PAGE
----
Time I shared my discoveries and research on coping with CVID. I’ve listed 10 areas of challenge. Tip of the iceberg. There’s more, much more, than what is written here.
- Many who have CVID live in fear that a simple cold will place them into a medical crisis or cause their death. Because of this reality, it’s a challenge to not internally react to a cough or a sneeze when in a public place. A person with CVID must always weigh the possible cost to their health when choosing to attend, or not to attend, family functions, outside events or gatherings. Personally, I find myself immediately praying, please protect me and let that simply be an allergy or a routine cough or sneeze. Something I never considered or gave a 2nd thought to before my diagnosis.
- Always having to ask the question of family and friends before visiting or before they come to visit, “Are you ill? “Have you just gotten over being ill?” “Has anyone in your family been ill”, etc. If family and friends don’t understand the disease, you come across as paranoid or at the very least a “scaredy cat”. In order to not offend family and friends, many just don’t ask and hope for the best.
- When guests come having to explain the routine one has put into place to minimize risk. Some will gladly do all that you ask and even go above and beyond. Others simply see you as paranoid and do very little. Personally, I’m fortunate in that my family and most of my friends, while they may not completely understand the disease, are willing to go above and beyond in making sure I avoid the potential virus or germ. Even if it means canceling plans and staying away; not seeing me until they feel 100% well.
- Wearing a mask when going out in public. I discovered some wear a mask and others don’t. Personally, I do. The more I’m able to do outside of infusion therapy the better. Wearing a mask, isn’t a big deal in and of itself, yet, they’re hot and often feel suffocating, making them uncomfortable. When first wearing a mask in public I was stunned at how many stares I received. I was taken aback at the fear revealed in others eyes as they gave me a wide berth. Today, I simply find it amusing. I smile knowing that their wide berth is a blessing. For I never know what disease they may be transmitting 🙂
- The constant washing of hands and using sanitizer. The jury’s still out on the effectiveness of hand sanitizing. I’ve chosen to use them along with washing hands often; it’s routine, I don’t even think about it. With that said, I’d love to not have a subliminal reminder, in every room, that my body is broken.
- When family members, especially children are ill, not being able to care for them (because one must guard at all costs to keep themselves well) is heart wrenching for a mother. Having to wear a mask when around them until they are well. Praying they understand they are not bad. They haven’t done anything wrong. Although from all I’ve read children seem to do much better with the ins-and-outs of coping with a parent’s disease then perhaps the parents do.
- Some who deal with this disease must miss their children’s games and extra-curricular activities due to their need to avoid crowds; especially during the cold and flu season.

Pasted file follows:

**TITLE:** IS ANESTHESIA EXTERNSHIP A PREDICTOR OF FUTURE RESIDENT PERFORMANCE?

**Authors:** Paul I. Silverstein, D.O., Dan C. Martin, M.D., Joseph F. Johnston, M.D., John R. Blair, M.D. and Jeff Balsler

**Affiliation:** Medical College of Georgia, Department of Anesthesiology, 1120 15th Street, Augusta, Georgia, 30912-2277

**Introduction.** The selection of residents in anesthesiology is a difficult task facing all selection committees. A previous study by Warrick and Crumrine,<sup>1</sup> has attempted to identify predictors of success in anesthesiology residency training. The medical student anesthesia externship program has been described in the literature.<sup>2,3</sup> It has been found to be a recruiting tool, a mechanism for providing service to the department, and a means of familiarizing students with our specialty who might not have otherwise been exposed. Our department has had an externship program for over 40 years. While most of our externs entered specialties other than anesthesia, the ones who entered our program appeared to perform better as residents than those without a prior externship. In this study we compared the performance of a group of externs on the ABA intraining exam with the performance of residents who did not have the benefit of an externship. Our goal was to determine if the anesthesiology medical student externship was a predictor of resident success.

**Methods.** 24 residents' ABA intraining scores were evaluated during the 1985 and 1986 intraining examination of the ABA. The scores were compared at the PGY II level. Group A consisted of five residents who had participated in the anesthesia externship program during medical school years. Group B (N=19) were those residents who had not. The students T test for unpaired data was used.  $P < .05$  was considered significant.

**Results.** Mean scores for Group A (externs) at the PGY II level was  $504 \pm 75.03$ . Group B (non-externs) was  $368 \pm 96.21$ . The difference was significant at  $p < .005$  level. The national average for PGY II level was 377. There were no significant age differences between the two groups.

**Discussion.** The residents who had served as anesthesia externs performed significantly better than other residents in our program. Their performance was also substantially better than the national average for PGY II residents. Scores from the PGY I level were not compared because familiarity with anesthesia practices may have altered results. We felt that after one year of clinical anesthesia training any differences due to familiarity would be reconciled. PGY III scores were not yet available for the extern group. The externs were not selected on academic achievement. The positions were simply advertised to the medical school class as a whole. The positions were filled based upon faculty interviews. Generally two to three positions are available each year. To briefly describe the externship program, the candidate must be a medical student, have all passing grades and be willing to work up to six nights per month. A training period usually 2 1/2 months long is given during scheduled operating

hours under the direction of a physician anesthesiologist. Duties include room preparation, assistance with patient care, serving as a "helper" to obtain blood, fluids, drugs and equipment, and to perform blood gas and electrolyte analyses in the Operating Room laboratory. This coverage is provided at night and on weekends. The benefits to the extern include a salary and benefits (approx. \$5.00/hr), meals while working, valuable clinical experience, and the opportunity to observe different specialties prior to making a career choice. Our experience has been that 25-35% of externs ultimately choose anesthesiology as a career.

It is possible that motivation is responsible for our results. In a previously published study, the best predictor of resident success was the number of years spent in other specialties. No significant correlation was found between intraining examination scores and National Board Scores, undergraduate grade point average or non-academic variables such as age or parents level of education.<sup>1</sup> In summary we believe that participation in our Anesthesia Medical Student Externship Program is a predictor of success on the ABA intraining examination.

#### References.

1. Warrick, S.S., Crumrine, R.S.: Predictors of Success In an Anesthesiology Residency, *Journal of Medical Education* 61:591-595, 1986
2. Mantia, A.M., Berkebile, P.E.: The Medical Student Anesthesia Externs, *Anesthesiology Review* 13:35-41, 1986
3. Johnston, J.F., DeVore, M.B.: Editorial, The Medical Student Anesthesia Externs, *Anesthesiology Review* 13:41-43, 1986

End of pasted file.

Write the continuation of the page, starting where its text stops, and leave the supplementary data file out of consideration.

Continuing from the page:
- Coming to terms with the diagnosis of CVID, discovering there is no cure and only one treatment… lifelong infusions… is daunting. Not to mention the potential financial burden on a family. Some experience little to no side effects from the infusions, while others have moderate to severe side effects. Did you catch it? The treatment is lifelong. Unlike chemotherapy and other treatments, you don’t do it for a while and get cured or go into remission. Nope, it’s lifelong. Or at the very least until medical research finds a different path to treating or healing CVID. Personally, the risk of blood clots or blood viscosity happening is a drug side effect risk I’m attempting to evaluate. Infusion drug therapy offers the potential of a better day-to-day life. Yet, the risk of a stroke or blood clots is a risk factor difficult to ignore. A stroke would be more life changing than CVID. How does one evaluate a “possible side effect” which may never happen and the risk to one’s life and family should the unthinkable result come to fruition. If anyone has the answer, I’m listening!
- Traveling away from home is no “easy peasy”. Airplane travel for many is out of the question. Traveling away from home for more than 7 days requires refrigeration of the drug to keep it viable. One must plan accordingly.
- When newly diagnosed the learning curve is overwhelming and challenging. CVID is a fairly rare disease. There’s not a lot of available information. Doctors and researchers don’t agree on its cause. Some say genetics; others say environment, and others say we really don’t know. More research needs to happen. Sadly, this most likely means more people need to be diagnosed with the disease before answers are discovered.
A huge hurdle for many, once fear is conquered, appears to be getting family and friends to understand the potential seriousness of the disease. And to have family and friends who are supportive and encouraging; willing to accommodate the special needs of those with CVID.
CVID is not the only disease which brings challenges to living life to the full. I hope you will share, in the comments below, your challenge with whatever disease you currently struggle; be it CVID, Cancer, Rheumatoid Arthritis, Lupus, Parkinson’s or others. By sharing we discover we’re not alone and gain encouragement along the way. I look forward to exploring the mental and emotional sides of coping with CVID in future blogs.
In closing, no matter what disease we’ve been diagnosed, it’s important we don’t allow the disease to define us. We are not our disease!
More to come
Until next time,